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Hello Estelle! This year you celebrated 21 years with Bouygues. It is the anniversary of a rich and varied career in a range of positions, from price studies to works, from works to sales and then quality/environment. Can you tell us a bit more about your career?

When I was a child and people asked me what I wanted to do when I grew up, I would always say something heroic like a firefighter. What I wanted most was a job that impressed me, and that’s always been the case with civil works!

While I was studying geotechnical civil engineering, I already wanted to join Bouygues. It didn't happen for my first internship because in 1997 the company was not yet hiring women to work on-site as skilled workers. But I didn’t give up on my goal of joining the group and I tried again the following year. Armed with my determination, I went to meet a Bouygues Human Resources manager at a student forum, with the firm intention of asserting my skills. It worked and I joined the technical department of Norpac – now Bouygues Bâtiment Nord Est – whose expertise at the time extended to civil works and construction. After this internship, I did my final year project there, and then I was hired in the price studies department.

Even though I was interested in this field, what I really wanted to do was to work on civil engineering structures! I pushed my project with the company and four years later, I finally joined a major worksite as a site supervisor. In early 2005, it was still pretty rare to see a woman doing this job.

When I moved to a large project in France, I thrived and learned a lot but I still wanted to be the only person in charge on site. Therefore, to have greater autonomy, I started on another, much smaller site so that I could be the sole site supervisor. I achieved all the goals I had set myself. They were actually more ambitious than those set by my bosses!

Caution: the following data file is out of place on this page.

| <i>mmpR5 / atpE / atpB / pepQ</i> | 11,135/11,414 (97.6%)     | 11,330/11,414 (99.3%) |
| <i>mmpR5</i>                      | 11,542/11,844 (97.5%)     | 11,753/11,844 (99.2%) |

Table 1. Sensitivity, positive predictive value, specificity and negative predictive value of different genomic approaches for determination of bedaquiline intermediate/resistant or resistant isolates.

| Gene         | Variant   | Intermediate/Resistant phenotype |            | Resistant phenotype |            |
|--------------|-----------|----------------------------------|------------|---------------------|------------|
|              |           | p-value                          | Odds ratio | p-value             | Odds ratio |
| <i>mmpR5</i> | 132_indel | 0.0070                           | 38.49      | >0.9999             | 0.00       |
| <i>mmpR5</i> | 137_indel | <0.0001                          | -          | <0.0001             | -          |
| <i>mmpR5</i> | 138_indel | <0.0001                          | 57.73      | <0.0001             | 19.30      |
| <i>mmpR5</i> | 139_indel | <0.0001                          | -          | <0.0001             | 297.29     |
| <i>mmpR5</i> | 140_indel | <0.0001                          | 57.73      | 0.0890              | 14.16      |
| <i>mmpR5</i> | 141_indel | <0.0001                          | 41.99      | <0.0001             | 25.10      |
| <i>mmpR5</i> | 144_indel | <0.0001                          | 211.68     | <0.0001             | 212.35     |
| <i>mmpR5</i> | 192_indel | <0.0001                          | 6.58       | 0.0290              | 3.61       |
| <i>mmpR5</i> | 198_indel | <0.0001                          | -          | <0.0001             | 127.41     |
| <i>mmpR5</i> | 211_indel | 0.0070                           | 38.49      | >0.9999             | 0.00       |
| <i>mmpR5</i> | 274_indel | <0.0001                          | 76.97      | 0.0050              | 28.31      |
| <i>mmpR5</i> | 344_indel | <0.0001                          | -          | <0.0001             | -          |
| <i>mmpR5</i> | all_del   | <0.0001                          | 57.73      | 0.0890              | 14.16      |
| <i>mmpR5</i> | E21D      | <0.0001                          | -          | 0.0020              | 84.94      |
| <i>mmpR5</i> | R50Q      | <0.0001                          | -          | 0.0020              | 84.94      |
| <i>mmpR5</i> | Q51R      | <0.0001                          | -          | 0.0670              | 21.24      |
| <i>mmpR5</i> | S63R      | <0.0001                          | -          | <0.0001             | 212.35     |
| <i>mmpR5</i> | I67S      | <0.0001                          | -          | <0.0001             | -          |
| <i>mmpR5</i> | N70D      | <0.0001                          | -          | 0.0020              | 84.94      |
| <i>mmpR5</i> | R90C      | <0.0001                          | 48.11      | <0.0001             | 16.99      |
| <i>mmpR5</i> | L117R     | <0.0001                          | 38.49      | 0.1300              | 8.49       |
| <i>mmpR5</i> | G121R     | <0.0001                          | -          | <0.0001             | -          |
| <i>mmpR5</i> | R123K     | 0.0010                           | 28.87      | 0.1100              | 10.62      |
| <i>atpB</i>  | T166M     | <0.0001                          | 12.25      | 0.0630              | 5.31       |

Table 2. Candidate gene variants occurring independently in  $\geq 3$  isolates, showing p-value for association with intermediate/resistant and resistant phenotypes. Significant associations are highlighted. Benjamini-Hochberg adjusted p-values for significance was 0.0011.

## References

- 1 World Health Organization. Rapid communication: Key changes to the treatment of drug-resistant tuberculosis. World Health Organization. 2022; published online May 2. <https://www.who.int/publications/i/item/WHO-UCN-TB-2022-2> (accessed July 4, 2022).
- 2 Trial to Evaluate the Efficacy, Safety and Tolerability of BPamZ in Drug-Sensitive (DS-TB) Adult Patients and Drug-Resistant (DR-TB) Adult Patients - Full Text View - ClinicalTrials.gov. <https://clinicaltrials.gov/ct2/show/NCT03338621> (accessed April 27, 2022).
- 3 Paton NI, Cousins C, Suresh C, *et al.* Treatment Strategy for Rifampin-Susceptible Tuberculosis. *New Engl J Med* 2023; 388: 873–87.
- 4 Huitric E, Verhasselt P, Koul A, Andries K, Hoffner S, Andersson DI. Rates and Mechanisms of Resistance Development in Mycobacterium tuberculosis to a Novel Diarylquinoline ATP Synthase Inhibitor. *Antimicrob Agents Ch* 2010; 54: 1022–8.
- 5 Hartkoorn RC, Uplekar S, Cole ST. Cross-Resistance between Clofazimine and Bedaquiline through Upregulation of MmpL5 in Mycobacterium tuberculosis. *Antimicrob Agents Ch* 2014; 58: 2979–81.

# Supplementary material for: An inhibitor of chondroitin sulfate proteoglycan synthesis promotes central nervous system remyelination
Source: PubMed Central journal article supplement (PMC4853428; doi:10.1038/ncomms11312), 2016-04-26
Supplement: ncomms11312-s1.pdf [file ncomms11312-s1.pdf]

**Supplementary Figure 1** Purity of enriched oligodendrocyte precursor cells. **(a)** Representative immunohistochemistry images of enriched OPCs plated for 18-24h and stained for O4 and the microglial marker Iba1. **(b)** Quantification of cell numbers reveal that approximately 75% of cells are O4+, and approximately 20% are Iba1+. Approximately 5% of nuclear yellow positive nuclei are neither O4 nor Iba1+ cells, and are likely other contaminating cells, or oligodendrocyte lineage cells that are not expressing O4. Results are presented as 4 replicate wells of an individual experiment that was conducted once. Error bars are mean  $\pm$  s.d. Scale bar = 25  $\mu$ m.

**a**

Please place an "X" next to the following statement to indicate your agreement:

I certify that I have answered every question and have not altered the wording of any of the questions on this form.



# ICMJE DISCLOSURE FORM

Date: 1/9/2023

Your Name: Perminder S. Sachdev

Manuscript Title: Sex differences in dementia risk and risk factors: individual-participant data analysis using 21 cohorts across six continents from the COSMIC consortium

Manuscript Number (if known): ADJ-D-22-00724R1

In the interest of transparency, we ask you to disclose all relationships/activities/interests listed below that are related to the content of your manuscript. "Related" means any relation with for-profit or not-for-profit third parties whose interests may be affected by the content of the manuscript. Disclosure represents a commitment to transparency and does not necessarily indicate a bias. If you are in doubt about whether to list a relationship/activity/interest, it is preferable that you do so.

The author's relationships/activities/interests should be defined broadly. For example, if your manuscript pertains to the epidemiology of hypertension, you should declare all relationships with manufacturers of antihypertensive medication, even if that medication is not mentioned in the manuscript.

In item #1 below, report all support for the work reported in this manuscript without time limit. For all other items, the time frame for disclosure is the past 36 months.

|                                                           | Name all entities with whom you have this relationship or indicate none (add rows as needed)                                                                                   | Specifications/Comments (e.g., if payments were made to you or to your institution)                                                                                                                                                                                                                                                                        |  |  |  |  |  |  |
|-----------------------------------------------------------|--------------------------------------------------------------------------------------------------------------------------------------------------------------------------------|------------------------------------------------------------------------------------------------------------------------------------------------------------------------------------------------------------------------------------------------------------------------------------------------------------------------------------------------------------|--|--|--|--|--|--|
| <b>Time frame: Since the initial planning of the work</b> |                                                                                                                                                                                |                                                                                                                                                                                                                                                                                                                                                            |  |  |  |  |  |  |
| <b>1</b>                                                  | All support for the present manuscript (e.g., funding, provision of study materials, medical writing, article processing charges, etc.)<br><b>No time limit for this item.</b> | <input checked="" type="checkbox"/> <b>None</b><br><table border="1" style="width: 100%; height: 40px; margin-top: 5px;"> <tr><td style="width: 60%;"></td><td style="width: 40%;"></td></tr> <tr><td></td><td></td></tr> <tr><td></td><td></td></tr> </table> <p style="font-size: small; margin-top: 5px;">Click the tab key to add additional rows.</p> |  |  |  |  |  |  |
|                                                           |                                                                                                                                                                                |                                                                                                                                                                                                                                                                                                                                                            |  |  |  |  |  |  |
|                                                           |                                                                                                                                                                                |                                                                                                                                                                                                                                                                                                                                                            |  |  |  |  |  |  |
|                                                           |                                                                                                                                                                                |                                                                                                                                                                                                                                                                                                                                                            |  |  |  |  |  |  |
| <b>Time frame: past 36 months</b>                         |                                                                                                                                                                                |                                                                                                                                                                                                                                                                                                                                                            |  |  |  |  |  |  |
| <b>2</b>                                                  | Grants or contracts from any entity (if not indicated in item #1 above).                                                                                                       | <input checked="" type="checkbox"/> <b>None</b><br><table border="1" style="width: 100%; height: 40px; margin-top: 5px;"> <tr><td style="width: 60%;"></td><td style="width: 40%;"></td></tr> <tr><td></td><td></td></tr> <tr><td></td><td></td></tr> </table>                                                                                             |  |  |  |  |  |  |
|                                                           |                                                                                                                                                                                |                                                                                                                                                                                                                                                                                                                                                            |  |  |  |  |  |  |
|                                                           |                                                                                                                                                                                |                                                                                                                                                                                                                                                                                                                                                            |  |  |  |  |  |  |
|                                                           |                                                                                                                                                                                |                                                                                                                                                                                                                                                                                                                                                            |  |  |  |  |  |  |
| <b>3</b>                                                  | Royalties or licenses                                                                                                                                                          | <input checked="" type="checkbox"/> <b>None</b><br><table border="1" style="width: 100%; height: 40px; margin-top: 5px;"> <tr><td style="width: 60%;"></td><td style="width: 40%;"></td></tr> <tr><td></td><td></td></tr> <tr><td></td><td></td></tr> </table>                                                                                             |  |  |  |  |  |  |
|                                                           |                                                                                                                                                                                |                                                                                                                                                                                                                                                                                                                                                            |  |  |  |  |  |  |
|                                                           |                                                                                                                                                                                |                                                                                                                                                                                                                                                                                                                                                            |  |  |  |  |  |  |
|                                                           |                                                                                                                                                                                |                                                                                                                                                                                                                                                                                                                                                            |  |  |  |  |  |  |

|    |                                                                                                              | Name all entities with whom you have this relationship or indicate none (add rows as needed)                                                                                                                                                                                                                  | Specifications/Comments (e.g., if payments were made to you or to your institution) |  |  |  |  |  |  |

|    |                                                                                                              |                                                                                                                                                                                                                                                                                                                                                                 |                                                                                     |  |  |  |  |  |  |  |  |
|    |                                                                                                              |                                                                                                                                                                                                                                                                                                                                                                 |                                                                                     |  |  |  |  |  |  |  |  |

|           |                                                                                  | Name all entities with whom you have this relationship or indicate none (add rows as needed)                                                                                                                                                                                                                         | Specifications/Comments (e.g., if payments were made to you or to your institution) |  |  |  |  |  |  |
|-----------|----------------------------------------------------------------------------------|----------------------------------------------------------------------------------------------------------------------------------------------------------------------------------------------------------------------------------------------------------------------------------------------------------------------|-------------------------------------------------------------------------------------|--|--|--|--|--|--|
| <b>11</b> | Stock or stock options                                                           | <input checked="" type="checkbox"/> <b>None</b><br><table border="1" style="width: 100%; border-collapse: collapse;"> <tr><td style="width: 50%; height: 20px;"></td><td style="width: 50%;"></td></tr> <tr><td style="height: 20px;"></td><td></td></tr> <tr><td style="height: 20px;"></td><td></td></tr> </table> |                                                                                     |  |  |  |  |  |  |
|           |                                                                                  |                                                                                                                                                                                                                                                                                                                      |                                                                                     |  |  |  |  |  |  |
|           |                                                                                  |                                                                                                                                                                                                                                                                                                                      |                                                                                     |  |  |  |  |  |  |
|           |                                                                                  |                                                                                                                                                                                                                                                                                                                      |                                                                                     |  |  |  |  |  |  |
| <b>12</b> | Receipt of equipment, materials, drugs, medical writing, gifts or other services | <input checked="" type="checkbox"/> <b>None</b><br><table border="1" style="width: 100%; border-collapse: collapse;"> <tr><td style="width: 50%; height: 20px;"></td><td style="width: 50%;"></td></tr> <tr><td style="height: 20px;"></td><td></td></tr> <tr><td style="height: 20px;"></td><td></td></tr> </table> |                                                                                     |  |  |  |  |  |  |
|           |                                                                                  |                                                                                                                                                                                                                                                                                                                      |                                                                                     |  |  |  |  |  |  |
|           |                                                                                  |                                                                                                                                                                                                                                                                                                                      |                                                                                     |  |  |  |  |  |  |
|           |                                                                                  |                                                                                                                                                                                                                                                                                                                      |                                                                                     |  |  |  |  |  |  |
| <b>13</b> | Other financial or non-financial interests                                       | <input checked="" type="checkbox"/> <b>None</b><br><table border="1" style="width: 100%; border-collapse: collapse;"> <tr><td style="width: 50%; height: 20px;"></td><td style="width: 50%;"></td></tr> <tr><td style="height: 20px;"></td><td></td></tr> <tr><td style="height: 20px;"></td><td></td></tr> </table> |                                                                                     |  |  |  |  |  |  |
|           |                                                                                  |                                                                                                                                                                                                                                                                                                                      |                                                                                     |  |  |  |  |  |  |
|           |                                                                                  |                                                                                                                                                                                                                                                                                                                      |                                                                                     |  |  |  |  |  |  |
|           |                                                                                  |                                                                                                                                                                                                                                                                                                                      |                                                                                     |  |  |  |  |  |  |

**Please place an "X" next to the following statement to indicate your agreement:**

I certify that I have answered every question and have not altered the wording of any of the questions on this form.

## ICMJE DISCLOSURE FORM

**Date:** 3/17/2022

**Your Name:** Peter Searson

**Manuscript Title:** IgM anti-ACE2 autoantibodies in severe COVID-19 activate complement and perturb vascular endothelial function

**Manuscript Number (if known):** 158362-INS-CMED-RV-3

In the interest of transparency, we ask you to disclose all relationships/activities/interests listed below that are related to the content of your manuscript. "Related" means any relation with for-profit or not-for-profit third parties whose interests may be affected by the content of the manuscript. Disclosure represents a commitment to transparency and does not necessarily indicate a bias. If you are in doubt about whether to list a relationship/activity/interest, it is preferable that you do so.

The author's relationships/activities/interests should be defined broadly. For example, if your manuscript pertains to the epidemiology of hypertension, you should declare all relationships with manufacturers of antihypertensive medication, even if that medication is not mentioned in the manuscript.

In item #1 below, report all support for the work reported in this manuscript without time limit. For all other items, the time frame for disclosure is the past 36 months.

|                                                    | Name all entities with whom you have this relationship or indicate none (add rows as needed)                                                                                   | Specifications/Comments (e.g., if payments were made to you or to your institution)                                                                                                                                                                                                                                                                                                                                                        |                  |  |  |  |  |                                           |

Once I had achieved these goals, I wanted to have a better work-life balance and turned to another side of the business that interested me: sales. As I was changing jobs, Bouygues Travaux Publics Régions France was being structured. Since I wanted to move my career forward in a new environment, with new people, I left for the industrial side of the business. But it didn't take long for me to realise that I missed the civil works sector and I ended up joining Bouygues Travaux Publics Régions France, with the mission of developing the river and maritime works business in France – a strategic activity for the company.

Your career is all about courage, determination and curiosity. What difficulties have you encountered along the way? How did you deal with them?

I was surprised to discover that there were obstacles specific to women in the corporate world. When I was at school, where I did better than some boys, I never thought that reservations related to my gender* would come up later on. After all, I didn't have a problem with other people's gender. As I progressed in my studies and my career, every time I was told that a particular path was not for women, I said to myself “that's where you should go then”. Discouraging me to take these paths simply made them more intriguing, more exciting... and my motivation increased tenfold. I've always liked to challenge myself and I'm proud of the results.